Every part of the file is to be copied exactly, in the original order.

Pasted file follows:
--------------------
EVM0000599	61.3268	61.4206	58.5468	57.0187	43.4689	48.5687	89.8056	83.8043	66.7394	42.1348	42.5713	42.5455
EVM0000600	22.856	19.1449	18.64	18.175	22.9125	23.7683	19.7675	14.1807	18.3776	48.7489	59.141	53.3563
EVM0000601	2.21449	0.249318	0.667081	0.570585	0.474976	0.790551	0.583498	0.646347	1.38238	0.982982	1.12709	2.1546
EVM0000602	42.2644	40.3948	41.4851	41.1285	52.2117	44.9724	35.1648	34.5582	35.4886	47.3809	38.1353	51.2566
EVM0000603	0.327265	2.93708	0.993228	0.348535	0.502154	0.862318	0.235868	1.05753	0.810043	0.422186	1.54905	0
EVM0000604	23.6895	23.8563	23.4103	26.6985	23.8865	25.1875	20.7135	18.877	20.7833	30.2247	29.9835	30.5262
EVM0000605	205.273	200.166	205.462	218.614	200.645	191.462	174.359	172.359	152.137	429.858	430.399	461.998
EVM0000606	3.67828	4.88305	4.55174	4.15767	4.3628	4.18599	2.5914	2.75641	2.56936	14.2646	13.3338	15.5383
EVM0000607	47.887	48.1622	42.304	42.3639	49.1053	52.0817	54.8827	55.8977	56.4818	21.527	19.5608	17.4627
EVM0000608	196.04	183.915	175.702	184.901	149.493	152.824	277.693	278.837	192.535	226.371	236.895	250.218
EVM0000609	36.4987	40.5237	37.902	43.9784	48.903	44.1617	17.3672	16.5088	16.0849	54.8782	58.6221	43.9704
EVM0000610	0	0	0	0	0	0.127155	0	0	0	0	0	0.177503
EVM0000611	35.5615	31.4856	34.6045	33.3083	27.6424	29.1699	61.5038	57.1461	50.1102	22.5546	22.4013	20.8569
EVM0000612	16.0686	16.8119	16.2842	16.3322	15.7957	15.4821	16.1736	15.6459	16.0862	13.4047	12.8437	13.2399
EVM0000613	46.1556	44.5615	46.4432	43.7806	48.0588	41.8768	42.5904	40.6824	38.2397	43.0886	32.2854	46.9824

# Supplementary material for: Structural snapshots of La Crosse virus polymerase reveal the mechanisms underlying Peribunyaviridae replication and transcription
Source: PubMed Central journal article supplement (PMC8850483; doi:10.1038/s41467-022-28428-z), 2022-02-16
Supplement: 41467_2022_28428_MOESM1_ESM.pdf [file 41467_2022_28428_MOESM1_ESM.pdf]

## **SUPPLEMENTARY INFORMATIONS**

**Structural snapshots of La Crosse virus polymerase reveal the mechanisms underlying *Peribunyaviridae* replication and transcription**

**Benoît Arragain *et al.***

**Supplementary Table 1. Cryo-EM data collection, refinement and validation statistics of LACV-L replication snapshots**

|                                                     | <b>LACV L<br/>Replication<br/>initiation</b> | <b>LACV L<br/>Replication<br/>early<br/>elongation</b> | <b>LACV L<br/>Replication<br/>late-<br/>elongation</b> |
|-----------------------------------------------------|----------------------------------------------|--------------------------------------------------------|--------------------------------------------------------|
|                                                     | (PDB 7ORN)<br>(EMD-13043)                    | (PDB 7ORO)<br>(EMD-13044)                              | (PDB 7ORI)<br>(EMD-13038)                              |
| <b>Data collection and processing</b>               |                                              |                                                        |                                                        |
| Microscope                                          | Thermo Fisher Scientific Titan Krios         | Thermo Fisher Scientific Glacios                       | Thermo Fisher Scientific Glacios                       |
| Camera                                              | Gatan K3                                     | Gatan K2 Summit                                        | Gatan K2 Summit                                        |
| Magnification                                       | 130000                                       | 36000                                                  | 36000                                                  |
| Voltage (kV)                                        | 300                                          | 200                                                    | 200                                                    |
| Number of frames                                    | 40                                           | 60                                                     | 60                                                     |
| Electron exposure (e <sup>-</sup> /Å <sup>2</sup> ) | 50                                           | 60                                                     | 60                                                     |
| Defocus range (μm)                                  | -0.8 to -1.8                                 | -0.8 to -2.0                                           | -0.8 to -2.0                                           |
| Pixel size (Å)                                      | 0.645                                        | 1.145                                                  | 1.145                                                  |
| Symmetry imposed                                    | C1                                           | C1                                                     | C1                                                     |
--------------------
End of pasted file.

EVM0000599	61.3268	61.4206	58.5468	57.0187	43.4689	48.5687	89.8056	83.8043	66.7394	42.1348	42.5713	42.5455
EVM0000600	22.856	19.1449	18.64	18.175	22.9125	23.7683	19.7675	14.1807	18.3776	48.7489	59.141	53.3563
EVM0000601	2.21449	0.249318	0.667081	0.570585	0.474976	0.790551	0.583498	0.646347	1.38238	0.982982	1.12709	2.1546
EVM0000602	42.2644	40.3948	41.4851	41.1285	52.2117	44.9724	35.1648	34.5582	35.4886	47.3809	38.1353	51.2566
EVM0000603	0.327265	2.93708	0.993228	0.348535	0.502154	0.862318	0.235868	1.05753	0.810043	0.422186	1.54905	0
EVM0000604	23.6895	23.8563	23.4103	26.6985	23.8865	25.1875	20.7135	18.877	20.7833	30.2247	29.9835	30.5262
EVM0000605	205.273	200.166	205.462	218.614	200.645	191.462	174.359	172.359	152.137	429.858	430.399	461.998
EVM0000606	3.67828	4.88305	4.55174	4.15767	4.3628	4.18599	2.5914	2.75641	2.56936	14.2646	13.3338	15.5383
EVM0000607	47.887	48.1622	42.304	42.3639	49.1053	52.0817	54.8827	55.8977	56.4818	21.527	19.5608	17.4627
EVM0000608	196.04	183.915	175.702	184.901	149.493	152.824	277.693	278.837	192.535	226.371	236.895	250.218
EVM0000609	36.4987	40.5237	37.902	43.9784	48.903	44.1617	17.3672	16.5088	16.0849	54.8782	58.6221	43.9704
EVM0000610	0	0	0	0	0	0.127155	0	0	0	0	0	0.177503
EVM0000611	35.5615	31.4856	34.6045	33.3083	27.6424	29.1699	61.5038	57.1461	50.1102	22.5546	22.4013	20.8569
EVM0000612	16.0686	16.8119	16.2842	16.3322	15.7957	15.4821	16.1736	15.6459	16.0862	13.4047	12.8437	13.2399
EVM0000613	46.1556	44.5615	46.4432	43.7806	48.0588	41.8768	42.5904	40.6824	38.2397	43.0886	32.2854	46.9824

# Supplementary material for: Structural snapshots of La Crosse virus polymerase reveal the mechanisms underlying Peribunyaviridae replication and transcription
Source: PubMed Central journal article supplement (PMC8850483; doi:10.1038/s41467-022-28428-z), 2022-02-16
Supplement: 41467_2022_28428_MOESM1_ESM.pdf [file 41467_2022_28428_MOESM1_ESM.pdf]

## **SUPPLEMENTARY INFORMATIONS**

**Structural snapshots of La Crosse virus polymerase reveal the mechanisms underlying *Peribunyaviridae* replication and transcription**

**Benoît Arragain *et al.***

**Supplementary Table 1. Cryo-EM data collection, refinement and validation statistics of LACV-L replication snapshots**

|                                                     | <b>LACV L<br/>Replication<br/>initiation</b> | <b>LACV L<br/>Replication<br/>early<br/>elongation</b> | <b>LACV L<br/>Replication<br/>late-<br/>elongation</b> |
|-----------------------------------------------------|----------------------------------------------|--------------------------------------------------------|--------------------------------------------------------|
|                                                     | (PDB 7ORN)<br>(EMD-13043)                    | (PDB 7ORO)<br>(EMD-13044)                              | (PDB 7ORI)<br>(EMD-13038)                              |
| <b>Data collection and processing</b>               |                                              |                                                        |                                                        |
| Microscope                                          | Thermo Fisher Scientific Titan Krios         | Thermo Fisher Scientific Glacios                       | Thermo Fisher Scientific Glacios                       |
| Camera                                              | Gatan K3                                     | Gatan K2 Summit                                        | Gatan K2 Summit                                        |
| Magnification                                       | 130000                                       | 36000                                                  | 36000                                                  |
| Voltage (kV)                                        | 300                                          | 200                                                    | 200                                                    |
| Number of frames                                    | 40                                           | 60                                                     | 60                                                     |
| Electron exposure (e <sup>-</sup> /Å <sup>2</sup> ) | 50                                           | 60                                                     | 60                                                     |
| Defocus range (μm)                                  | -0.8 to -1.8                                 | -0.8 to -2.0                                           | -0.8 to -2.0                                           |
| Pixel size (Å)                                      | 0.645                                        | 1.145                                                  | 1.145                                                  |
| Symmetry imposed                                    | C1                                           | C1                                                     | C1                                                     |